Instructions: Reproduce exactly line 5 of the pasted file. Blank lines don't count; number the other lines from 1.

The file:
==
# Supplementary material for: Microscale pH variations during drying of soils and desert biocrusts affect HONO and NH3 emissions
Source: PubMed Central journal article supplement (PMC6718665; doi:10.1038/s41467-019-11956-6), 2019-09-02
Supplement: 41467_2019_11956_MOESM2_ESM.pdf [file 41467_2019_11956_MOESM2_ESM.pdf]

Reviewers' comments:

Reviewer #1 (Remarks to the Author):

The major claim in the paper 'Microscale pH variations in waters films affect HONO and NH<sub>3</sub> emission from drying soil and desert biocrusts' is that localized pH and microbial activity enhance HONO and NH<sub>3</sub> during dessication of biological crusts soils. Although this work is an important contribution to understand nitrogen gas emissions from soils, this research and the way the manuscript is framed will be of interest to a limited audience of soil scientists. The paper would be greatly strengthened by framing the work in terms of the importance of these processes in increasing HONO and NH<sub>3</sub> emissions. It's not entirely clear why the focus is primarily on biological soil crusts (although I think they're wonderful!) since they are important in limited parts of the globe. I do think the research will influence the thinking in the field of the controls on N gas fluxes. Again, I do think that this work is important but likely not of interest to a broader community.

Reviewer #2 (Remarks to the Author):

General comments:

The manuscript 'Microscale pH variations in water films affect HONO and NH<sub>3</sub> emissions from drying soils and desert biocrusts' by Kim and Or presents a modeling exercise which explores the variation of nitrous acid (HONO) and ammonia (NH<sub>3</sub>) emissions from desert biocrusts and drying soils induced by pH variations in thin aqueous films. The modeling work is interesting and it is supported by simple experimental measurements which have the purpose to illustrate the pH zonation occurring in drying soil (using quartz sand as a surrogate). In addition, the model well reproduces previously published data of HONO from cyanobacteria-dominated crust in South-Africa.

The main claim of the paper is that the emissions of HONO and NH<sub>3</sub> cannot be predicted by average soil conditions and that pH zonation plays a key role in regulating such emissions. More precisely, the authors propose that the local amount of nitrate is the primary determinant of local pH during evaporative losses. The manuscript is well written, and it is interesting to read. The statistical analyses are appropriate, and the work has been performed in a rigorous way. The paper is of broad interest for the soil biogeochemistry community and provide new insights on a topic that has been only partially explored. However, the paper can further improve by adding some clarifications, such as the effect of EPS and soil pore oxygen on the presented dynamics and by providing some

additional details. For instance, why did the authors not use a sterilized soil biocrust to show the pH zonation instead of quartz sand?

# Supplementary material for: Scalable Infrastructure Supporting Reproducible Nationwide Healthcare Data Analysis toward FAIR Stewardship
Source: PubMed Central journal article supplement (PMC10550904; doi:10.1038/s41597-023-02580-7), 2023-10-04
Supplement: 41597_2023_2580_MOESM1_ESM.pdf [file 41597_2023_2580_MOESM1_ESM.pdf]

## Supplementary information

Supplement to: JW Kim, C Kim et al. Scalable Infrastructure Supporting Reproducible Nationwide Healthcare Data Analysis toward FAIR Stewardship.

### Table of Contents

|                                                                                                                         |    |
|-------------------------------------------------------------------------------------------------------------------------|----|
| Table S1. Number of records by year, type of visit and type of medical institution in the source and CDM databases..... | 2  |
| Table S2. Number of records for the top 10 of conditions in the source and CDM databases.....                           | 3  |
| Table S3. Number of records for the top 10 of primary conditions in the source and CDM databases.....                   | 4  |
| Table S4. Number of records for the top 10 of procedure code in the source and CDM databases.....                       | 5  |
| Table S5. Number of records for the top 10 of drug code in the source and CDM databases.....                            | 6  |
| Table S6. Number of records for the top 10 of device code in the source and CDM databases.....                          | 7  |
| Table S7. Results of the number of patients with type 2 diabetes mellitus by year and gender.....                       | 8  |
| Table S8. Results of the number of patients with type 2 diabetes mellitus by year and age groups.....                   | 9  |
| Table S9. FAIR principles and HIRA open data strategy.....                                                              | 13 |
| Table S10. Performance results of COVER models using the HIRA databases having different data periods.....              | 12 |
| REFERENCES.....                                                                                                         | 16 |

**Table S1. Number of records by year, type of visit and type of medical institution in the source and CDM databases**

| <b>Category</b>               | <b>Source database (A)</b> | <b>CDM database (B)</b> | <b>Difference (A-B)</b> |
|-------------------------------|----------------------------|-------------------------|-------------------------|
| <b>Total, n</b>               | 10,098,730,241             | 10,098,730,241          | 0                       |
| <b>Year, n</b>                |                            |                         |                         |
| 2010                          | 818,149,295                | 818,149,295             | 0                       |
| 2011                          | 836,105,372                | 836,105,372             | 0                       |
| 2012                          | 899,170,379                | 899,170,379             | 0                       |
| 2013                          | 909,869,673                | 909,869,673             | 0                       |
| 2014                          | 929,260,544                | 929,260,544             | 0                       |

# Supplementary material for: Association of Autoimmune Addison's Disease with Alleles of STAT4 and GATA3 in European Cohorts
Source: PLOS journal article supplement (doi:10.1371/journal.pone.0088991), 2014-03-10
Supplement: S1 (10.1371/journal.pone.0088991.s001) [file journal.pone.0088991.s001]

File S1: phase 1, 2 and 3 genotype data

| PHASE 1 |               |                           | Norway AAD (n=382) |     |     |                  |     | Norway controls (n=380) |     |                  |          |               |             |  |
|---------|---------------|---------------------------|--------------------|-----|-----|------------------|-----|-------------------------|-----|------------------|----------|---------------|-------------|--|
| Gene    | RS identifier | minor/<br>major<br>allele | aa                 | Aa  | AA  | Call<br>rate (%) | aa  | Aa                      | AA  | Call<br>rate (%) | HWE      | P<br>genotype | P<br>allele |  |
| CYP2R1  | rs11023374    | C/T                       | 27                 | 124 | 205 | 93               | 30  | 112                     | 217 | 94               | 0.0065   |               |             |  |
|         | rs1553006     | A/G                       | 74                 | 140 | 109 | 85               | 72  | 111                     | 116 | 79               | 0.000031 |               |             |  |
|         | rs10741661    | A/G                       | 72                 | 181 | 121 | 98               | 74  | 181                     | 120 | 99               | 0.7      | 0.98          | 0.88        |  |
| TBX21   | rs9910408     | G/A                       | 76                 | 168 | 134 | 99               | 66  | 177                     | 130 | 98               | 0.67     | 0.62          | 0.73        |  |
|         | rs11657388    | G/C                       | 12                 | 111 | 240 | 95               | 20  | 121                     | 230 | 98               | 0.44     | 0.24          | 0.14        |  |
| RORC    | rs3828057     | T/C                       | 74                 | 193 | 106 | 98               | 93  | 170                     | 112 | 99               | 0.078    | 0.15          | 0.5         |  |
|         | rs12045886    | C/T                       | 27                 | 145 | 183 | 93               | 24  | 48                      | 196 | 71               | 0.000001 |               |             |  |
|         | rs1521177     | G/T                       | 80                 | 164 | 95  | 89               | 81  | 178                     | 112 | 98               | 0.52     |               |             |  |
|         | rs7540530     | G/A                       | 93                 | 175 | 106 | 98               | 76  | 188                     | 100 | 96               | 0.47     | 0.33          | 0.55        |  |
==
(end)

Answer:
Reviewer #1 (Remarks to the Author):